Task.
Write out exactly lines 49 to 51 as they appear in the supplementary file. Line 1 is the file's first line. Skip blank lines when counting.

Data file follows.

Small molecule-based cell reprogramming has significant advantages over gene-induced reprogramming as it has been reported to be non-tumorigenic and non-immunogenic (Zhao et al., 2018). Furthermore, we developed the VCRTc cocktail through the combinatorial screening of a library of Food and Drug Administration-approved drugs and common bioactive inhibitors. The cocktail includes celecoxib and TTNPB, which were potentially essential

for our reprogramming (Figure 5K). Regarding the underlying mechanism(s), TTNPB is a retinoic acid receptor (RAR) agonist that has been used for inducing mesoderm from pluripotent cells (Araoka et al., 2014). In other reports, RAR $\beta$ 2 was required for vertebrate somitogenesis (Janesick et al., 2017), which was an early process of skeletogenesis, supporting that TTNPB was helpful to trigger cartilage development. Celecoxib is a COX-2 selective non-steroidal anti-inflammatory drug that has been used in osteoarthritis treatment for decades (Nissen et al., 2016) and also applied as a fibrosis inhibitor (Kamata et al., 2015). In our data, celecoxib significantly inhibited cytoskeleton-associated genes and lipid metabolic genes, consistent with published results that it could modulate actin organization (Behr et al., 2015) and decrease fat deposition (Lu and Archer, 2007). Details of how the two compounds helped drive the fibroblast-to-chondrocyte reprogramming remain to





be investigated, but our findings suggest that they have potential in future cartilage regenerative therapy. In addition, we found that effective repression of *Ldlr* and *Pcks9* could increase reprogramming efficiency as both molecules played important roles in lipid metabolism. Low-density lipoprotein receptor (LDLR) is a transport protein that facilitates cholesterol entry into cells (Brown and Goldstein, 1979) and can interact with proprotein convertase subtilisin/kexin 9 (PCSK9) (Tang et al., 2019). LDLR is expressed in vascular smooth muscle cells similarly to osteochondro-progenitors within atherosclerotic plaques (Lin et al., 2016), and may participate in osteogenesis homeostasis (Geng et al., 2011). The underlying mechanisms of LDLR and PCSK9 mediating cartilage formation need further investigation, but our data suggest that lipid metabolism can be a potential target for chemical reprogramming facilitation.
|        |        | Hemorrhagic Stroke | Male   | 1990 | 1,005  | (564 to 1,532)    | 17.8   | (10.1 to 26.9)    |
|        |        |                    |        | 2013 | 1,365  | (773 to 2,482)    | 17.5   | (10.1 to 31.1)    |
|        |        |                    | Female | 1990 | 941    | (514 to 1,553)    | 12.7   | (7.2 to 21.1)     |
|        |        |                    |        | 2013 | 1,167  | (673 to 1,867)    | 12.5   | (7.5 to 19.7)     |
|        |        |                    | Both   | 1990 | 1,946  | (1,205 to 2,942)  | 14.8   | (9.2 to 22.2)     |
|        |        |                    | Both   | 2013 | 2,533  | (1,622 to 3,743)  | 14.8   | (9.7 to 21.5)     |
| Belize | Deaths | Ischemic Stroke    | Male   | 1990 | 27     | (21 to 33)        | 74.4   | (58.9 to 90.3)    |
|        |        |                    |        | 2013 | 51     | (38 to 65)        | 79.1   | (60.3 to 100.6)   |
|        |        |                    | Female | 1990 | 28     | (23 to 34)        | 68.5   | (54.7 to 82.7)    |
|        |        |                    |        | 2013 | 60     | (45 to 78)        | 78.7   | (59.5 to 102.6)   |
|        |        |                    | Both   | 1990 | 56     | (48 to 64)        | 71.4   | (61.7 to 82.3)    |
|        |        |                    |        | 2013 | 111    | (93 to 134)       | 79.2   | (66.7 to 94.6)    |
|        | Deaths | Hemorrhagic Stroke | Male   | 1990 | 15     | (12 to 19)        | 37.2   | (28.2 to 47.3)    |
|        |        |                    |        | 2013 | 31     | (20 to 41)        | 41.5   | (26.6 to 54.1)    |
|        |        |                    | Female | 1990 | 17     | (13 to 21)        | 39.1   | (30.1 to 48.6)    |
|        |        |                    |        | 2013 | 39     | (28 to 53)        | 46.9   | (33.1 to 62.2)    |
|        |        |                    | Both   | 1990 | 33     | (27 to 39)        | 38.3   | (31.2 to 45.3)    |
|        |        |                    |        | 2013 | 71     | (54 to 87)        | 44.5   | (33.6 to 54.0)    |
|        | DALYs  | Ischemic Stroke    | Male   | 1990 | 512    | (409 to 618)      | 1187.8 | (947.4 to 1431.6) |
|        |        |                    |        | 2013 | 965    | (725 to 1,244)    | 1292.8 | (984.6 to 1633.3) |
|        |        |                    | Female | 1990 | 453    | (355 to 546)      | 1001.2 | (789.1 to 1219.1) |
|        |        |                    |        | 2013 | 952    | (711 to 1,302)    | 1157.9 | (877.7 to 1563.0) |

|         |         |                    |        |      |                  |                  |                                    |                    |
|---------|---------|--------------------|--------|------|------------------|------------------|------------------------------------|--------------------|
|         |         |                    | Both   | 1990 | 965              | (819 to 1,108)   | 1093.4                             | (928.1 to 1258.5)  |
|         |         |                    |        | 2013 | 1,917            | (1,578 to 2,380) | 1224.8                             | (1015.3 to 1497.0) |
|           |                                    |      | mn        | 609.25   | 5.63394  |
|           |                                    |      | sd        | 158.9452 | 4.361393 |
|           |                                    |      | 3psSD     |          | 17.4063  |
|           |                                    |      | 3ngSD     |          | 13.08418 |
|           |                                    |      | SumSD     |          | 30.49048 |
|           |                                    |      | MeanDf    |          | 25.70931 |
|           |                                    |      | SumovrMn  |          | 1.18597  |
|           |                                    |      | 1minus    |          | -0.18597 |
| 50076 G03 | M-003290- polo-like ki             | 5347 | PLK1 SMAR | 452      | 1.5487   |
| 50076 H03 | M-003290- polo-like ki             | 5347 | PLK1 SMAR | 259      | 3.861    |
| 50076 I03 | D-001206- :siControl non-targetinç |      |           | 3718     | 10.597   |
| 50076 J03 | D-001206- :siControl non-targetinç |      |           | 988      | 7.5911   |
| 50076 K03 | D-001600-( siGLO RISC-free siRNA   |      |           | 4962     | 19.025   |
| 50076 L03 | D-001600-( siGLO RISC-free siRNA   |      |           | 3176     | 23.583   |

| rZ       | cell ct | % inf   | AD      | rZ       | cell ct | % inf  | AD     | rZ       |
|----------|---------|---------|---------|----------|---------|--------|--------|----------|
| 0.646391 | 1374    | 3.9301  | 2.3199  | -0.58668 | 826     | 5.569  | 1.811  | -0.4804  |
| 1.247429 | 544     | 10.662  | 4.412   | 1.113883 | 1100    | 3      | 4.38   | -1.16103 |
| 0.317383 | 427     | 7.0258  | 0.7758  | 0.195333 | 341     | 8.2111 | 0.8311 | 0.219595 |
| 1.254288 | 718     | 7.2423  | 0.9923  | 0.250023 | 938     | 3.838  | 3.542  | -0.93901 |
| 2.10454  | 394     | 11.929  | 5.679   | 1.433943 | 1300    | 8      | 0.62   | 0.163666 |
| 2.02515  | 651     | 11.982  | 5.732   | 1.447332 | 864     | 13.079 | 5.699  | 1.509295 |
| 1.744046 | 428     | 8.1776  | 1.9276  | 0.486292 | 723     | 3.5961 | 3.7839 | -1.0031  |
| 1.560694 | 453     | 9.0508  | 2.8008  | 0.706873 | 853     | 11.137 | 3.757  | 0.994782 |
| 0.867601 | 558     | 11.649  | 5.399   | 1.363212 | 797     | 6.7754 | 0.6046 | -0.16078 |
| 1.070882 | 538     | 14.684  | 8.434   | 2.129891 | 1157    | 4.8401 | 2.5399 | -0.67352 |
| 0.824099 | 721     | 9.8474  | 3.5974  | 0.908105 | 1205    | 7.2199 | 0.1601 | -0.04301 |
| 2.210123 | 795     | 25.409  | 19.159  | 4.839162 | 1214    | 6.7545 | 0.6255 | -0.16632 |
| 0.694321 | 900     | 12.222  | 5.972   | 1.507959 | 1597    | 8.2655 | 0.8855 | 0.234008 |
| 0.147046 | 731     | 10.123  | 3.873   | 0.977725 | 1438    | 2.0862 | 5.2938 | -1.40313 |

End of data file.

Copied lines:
| 1.254288 | 718     | 7.2423  | 0.9923  | 0.250023 | 938     | 3.838  | 3.542  | -0.93901 |
| 2.10454  | 394     | 11.929  | 5.679   | 1.433943 | 1300    | 8      | 0.62   | 0.163666 |
| 2.02515  | 651     | 11.982  | 5.732   | 1.447332 | 864     | 13.079 | 5.699  | 1.509295 |